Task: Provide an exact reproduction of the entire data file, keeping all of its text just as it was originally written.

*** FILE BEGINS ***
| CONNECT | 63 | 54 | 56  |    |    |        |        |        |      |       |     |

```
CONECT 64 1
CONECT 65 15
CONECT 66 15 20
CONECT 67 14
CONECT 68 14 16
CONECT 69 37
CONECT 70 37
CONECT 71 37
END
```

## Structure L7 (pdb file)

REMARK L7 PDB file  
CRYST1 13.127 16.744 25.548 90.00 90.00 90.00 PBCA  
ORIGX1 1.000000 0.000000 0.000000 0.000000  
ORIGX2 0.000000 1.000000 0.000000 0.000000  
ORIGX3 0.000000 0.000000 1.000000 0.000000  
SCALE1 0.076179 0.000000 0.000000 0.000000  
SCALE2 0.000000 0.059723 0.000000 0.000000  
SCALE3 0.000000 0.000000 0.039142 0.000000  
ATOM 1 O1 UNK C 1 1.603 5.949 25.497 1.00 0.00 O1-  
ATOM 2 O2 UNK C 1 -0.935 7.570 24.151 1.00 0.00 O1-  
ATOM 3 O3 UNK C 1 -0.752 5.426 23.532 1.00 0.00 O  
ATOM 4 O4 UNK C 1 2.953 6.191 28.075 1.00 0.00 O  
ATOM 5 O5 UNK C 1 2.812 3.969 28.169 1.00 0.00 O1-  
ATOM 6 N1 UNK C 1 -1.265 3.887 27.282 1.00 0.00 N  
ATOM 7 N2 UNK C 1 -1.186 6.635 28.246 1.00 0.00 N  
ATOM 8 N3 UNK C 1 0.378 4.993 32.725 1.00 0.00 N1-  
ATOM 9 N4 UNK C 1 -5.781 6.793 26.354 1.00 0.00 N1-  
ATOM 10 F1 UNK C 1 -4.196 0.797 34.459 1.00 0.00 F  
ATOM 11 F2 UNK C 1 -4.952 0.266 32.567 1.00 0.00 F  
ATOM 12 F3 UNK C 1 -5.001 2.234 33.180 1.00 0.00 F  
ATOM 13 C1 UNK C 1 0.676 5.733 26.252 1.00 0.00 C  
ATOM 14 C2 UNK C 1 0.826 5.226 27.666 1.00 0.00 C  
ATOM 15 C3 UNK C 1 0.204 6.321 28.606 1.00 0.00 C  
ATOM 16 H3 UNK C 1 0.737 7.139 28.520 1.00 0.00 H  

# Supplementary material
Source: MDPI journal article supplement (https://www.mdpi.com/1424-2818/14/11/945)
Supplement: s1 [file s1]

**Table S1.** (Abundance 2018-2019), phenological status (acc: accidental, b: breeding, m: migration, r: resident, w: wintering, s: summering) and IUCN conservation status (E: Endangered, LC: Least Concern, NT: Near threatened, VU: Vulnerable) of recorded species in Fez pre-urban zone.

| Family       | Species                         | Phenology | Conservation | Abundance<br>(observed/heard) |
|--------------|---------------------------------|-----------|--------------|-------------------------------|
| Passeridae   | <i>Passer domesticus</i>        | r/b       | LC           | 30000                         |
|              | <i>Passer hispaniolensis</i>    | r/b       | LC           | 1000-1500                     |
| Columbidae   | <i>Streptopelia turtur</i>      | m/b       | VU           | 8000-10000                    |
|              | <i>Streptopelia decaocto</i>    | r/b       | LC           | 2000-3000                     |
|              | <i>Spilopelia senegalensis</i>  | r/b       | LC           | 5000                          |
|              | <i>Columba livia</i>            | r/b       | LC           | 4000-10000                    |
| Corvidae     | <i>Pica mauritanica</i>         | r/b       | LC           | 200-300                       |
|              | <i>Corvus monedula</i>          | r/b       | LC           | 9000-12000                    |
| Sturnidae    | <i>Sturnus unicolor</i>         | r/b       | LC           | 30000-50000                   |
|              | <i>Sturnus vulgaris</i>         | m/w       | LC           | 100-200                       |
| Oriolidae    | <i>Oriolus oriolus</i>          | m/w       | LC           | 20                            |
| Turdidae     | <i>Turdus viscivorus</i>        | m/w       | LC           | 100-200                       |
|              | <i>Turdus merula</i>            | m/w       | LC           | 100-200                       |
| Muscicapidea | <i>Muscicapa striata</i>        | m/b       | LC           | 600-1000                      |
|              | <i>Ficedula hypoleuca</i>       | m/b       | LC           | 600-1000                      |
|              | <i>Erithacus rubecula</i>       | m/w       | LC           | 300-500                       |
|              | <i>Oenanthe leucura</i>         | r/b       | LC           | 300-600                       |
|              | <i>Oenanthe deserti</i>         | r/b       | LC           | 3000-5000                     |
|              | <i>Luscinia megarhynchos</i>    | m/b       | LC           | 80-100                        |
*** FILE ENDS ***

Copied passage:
| CONNECT | 63 | 54 | 56  |    |    |        |        |        |      |       |     |

```
CONECT 64 1
CONECT 65 15
CONECT 66 15 20
CONECT 67 14
CONECT 68 14 16
CONECT 69 37
CONECT 70 37
CONECT 71 37
END
```

## Structure L7 (pdb file)

REMARK L7 PDB file  
CRYST1 13.127 16.744 25.548 90.00 90.00 90.00 PBCA  
ORIGX1 1.000000 0.000000 0.000000 0.000000  
ORIGX2 0.000000 1.000000 0.000000 0.000000  
ORIGX3 0.000000 0.000000 1.000000 0.000000  
SCALE1 0.076179 0.000000 0.000000 0.000000  
SCALE2 0.000000 0.059723 0.000000 0.000000  
SCALE3 0.000000 0.000000 0.039142 0.000000  
ATOM 1 O1 UNK C 1 1.603 5.949 25.497 1.00 0.00 O1-  
ATOM 2 O2 UNK C 1 -0.935 7.570 24.151 1.00 0.00 O1-  
ATOM 3 O3 UNK C 1 -0.752 5.426 23.532 1.00 0.00 O  
ATOM 4 O4 UNK C 1 2.953 6.191 28.075 1.00 0.00 O  
ATOM 5 O5 UNK C 1 2.812 3.969 28.169 1.00 0.00 O1-  
ATOM 6 N1 UNK C 1 -1.265 3.887 27.282 1.00 0.00 N  
ATOM 7 N2 UNK C 1 -1.186 6.635 28.246 1.00 0.00 N  
ATOM 8 N3 UNK C 1 0.378 4.993 32.725 1.00 0.00 N1-  
ATOM 9 N4 UNK C 1 -5.781 6.793 26.354 1.00 0.00 N1-  
ATOM 10 F1 UNK C 1 -4.196 0.797 34.459 1.00 0.00 F  
ATOM 11 F2 UNK C 1 -4.952 0.266 32.567 1.00 0.00 F  
ATOM 12 F3 UNK C 1 -5.001 2.234 33.180 1.00 0.00 F  
ATOM 13 C1 UNK C 1 0.676 5.733 26.252 1.00 0.00 C  
ATOM 14 C2 UNK C 1 0.826 5.226 27.666 1.00 0.00 C  
ATOM 15 C3 UNK C 1 0.204 6.321 28.606 1.00 0.00 C  
ATOM 16 H3 UNK C 1 0.737 7.139 28.520 1.00 0.00 H  

# Supplementary material
Source: MDPI journal article supplement (https://www.mdpi.com/1424-2818/14/11/945)
Supplement: s1 [file s1]

**Table S1.** (Abundance 2018-2019), phenological status (acc: accidental, b: breeding, m: migration, r: resident, w: wintering, s: summering) and IUCN conservation status (E: Endangered, LC: Least Concern, NT: Near threatened, VU: Vulnerable) of recorded species in Fez pre-urban zone.

| Family       | Species                         | Phenology | Conservation | Abundance<br>(observed/heard) |
|--------------|---------------------------------|-----------|--------------|-------------------------------|
| Passeridae   | <i>Passer domesticus</i>        | r/b       | LC           | 30000                         |
|              | <i>Passer hispaniolensis</i>    | r/b       | LC           | 1000-1500                     |
| Columbidae   | <i>Streptopelia turtur</i>      | m/b       | VU           | 8000-10000                    |
|              | <i>Streptopelia decaocto</i>    | r/b       | LC           | 2000-3000                     |
|              | <i>Spilopelia senegalensis</i>  | r/b       | LC           | 5000                          |
|              | <i>Columba livia</i>            | r/b       | LC           | 4000-10000                    |
| Corvidae     | <i>Pica mauritanica</i>         | r/b       | LC           | 200-300                       |
|              | <i>Corvus monedula</i>          | r/b       | LC           | 9000-12000                    |
| Sturnidae    | <i>Sturnus unicolor</i>         | r/b       | LC           | 30000-50000                   |
|              | <i>Sturnus vulgaris</i>         | m/w       | LC           | 100-200                       |
| Oriolidae    | <i>Oriolus oriolus</i>          | m/w       | LC           | 20                            |
| Turdidae     | <i>Turdus viscivorus</i>        | m/w       | LC           | 100-200                       |
|              | <i>Turdus merula</i>            | m/w       | LC           | 100-200                       |
| Muscicapidea | <i>Muscicapa striata</i>        | m/b       | LC           | 600-1000                      |
|              | <i>Ficedula hypoleuca</i>       | m/b       | LC           | 600-1000                      |
|              | <i>Erithacus rubecula</i>       | m/w       | LC           | 300-500                       |
|              | <i>Oenanthe leucura</i>         | r/b       | LC           | 300-600                       |
|              | <i>Oenanthe deserti</i>         | r/b       | LC           | 3000-5000                     |
|              | <i>Luscinia megarhynchos</i>    | m/b       | LC           | 80-100                        |